On May 5, 2017, the U.S. Court of Appeals for the Ninth Circuit jettisoned its precedent for pleading the falsity of statements of opinion challenged in private securities litigation, instead embracing the more demanding standard compelled by the U.S. Supreme Court’s 2015 Omnicare decision. In doing so, the Ninth Circuit not only raised the bar for plaintiffs to plead falsity under Section 10(b) of the Securities Exchange Act of 1934 and SEC Rule 10b-5, but also rejected plaintiffs’ attempts to recharacterize opinion statements as factual ones in order to avoid that burden.
In City of Dearborn Heights Act 345 Police & Fire Retirement System v. Align Technology, Inc.,1 a putative class of investors in Align Technology, Inc. alleged that the issuer and its CEO and CFO made materially false and misleading statements concerning goodwill valuations used in connection with its acquisition of Cadent Holdings, Inc. The U.S. District Court for the Northern District of California dismissed the lawsuit in its entirety, ruling that the plaintiffs had failed to plead the falsity of the challenged statements with the particularity required under the Private Securities Litigation Reform Act and, in addition, failed to sufficiently plead that the defendants made those statements with fraudulent intent (scienter). The plaintiffs thereafter appealed that dismissal to the Ninth Circuit.
On appeal, the Ninth Circuit began by classifying each of the seven challenged statements as either statements of fact or of opinion, a critical distinction given the generally more demanding burden imposed on plaintiffs who attempt to bring securities fraud cases on a theory that the open market was mislead by subjective opinions, as opposed to challenging statements of objective fact (such as those reporting current or past financial results). In doing so, the Ninth Circuit adopted the standard prevailing in the Second Circuit—that “statements regarding goodwill valuations are opinion statements because they ‘are inherently subjective and involve management’s opinion regarding fair value’”—and, for this reason, agreed with the District Court that all seven challenged statements were properly characterized as opinions.2 On appeal, the plaintiffs argued that two of those challenged statements should not be classified as opinions because they contained “embedded statements of fact”: the first stating that there were “no facts or circumstances” indicating impairment of goodwill and the second stating that the fair value of Cadent “was significantly in excess of the carrying value.”3 The Ninth Circuit accepted the plaintiffs’ argument that, read in isolation, the phrase “no facts or circumstances” “asserts an objectively verifiable fact,” but rejected the plaintiffs’ attempt to contort the subjective, “qualitative assessment of [Cadent’s] fair value” into an objective, factual statement.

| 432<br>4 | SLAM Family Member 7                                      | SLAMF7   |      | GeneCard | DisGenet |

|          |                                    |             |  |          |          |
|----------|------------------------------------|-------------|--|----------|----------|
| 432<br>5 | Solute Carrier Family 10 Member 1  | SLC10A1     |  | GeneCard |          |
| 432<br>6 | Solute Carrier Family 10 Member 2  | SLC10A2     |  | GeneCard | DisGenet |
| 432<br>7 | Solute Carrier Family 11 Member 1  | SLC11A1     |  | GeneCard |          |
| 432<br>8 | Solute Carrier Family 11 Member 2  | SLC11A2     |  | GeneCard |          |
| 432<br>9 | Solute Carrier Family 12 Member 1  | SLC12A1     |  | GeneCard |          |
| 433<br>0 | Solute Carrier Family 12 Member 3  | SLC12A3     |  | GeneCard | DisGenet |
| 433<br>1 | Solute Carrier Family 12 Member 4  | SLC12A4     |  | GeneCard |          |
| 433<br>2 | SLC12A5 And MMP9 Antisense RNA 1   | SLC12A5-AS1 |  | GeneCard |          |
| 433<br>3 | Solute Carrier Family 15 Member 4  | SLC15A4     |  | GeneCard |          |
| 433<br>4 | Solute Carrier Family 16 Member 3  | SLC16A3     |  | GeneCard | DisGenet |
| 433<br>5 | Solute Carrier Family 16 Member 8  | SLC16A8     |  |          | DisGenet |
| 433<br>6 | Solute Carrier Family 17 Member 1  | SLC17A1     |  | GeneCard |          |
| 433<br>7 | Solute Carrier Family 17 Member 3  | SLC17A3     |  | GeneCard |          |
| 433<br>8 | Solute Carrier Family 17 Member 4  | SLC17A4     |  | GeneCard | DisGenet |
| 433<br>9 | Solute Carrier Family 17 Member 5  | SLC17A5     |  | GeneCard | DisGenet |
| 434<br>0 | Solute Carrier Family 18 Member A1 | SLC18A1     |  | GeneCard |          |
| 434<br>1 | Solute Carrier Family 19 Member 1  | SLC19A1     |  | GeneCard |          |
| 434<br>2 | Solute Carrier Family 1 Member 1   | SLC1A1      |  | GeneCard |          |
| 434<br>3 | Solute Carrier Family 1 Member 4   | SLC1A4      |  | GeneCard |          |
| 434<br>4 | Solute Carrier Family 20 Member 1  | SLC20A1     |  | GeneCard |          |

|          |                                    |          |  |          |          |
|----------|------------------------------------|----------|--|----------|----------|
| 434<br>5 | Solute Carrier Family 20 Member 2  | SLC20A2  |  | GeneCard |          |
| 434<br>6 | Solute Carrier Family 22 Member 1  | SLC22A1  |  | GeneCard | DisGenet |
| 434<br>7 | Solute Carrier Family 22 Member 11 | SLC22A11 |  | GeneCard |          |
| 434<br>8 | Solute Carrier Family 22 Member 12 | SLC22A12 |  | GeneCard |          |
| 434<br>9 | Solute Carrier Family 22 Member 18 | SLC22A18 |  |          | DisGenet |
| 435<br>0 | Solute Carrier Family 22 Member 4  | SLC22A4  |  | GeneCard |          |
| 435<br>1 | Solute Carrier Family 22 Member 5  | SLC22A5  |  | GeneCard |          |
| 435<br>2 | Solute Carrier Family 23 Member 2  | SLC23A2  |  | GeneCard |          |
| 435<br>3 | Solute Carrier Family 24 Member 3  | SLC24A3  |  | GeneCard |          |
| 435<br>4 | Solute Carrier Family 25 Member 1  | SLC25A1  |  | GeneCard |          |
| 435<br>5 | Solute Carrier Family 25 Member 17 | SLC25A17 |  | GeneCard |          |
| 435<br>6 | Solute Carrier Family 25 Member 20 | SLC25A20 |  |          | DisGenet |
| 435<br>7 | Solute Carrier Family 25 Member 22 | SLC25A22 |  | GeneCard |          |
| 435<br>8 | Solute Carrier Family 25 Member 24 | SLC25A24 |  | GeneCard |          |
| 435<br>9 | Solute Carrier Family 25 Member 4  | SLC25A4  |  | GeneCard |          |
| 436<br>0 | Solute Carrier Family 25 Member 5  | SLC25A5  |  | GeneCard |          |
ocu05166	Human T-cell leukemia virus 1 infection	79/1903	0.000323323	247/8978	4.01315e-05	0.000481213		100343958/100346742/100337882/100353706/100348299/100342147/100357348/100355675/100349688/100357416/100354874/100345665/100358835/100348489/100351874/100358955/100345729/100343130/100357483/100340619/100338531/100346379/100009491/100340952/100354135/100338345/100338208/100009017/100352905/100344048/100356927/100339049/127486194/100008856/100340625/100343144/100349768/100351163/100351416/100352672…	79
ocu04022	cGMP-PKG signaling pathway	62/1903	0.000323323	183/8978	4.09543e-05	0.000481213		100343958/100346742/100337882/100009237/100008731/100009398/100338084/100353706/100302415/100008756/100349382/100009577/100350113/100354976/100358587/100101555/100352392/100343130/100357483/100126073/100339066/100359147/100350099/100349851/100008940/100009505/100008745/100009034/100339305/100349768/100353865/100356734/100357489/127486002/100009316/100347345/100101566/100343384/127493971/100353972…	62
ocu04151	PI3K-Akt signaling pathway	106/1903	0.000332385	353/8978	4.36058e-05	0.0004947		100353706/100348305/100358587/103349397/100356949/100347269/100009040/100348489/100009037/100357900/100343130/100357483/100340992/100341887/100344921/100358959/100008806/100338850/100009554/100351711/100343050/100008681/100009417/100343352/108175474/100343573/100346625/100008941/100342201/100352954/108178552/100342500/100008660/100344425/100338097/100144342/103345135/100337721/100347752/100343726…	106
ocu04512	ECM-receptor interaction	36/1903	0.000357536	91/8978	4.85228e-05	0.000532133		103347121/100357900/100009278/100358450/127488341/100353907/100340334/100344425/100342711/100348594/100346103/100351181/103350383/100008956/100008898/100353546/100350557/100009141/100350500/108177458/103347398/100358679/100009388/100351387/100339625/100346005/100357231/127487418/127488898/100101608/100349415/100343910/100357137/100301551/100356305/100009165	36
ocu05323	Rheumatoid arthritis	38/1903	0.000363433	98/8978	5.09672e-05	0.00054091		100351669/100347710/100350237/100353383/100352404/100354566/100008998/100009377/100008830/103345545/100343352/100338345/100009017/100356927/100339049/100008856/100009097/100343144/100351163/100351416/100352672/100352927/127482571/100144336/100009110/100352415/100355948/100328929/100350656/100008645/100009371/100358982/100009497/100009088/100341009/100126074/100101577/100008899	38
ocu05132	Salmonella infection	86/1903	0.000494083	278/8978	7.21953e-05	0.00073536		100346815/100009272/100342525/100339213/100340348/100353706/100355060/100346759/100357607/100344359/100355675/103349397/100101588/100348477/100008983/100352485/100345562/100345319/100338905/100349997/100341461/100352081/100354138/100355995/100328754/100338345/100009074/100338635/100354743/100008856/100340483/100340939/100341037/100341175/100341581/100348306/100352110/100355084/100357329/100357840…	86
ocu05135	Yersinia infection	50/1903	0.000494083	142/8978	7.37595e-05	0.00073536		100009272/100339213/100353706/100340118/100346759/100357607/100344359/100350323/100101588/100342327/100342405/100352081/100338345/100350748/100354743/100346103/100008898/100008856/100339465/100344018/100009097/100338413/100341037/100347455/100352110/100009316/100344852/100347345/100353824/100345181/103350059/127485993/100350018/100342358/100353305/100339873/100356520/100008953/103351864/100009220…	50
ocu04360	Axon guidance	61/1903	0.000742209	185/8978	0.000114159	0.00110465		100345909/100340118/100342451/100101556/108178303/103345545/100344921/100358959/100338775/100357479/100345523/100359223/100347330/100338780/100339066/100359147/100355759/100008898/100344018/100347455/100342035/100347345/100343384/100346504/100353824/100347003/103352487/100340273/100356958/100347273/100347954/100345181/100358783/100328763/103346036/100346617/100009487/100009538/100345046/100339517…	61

Next, the Ninth Circuit held that its then-prevailing standard for pleading falsity—requiring plaintiffs who challenge opinion statements to plead that there was “no reasonable basis for the belief”—is “clearly irreconcilable” with Omnicare when applied under a material misrepresentation theory. In so doing, the Ninth Circuit emphasized that the Supreme Court raised that pleading standard in Omnicare by requiring that: (1) under a theory of material misrepresentation, the plaintiff must allege both objective falsity and the speaker’s subjective knowledge of the untruth; (2) when assessing a fact embedded within an opinion statement, the plaintiff must allege that “the supporting fact [the speaker] supplied [is] untrue”; and (3) under a theory of omission, the plaintiff must allege “facts going to the basis for the [speaker’s] opinion . . . whose omission makes the opinion statement at issue misleading to a reasonable person reading the statement fairly and in context.”4
Applying that Omnicare standard, the Ninth Circuit affirmed the District Court’s dismissal because the plaintiffs had failed to allege that the defendants subjectively did not believe their opinions about the goodwill reserves. Furthermore, under an omissions theory, the Ninth Circuit found that none of the alleged omissions “call into question the issuer’s basis for offering the opinion,” again as required by Omnicare.5
As a result of this new precedent, public company issuers and management teams in the Ninth Circuit should have added confidence that their candid opinions about the business and its prospects—including valuations of goodwill and other subjective estimates—will not be easy fodder for investor class actions. To some extent, the Ninth Circuit’s alignment of its now-superseded precedent with Omnicare was overdue; the former standard was itself high, but the latter standard adopted by the Supreme Court in 2015 is still more demanding. Perhaps as significant is how decisively the Ninth Circuit rejected the plaintiffs’ efforts to essentially dodge Omnicare altogether by selectively classifying challenged opinions as statements of fact on the theory that facts were “embedded” in the opinion. Skeptical of this selective classification, the Ninth Circuit applied a more limited, defense-friendly determination of “embedded facts” because, in some sense, almost all publicly stated management opinions are articulated by reference to some underlying fact. Finally, the Ninth Circuit has again recognized that not all investor challenges to accounting statements are as straightforward as the revenue recognition cases that for years predominated private securities litigation. That is, unlike reports of past revenue, expense and margins that unquestionably may be analyzed as factual statements, issuers and their accountants should take comfort that the Ninth Circuit courts understand that goodwill valuations and other financial reports are the product of subjective, qualitative judgment that goes well beyond objective arithmetic.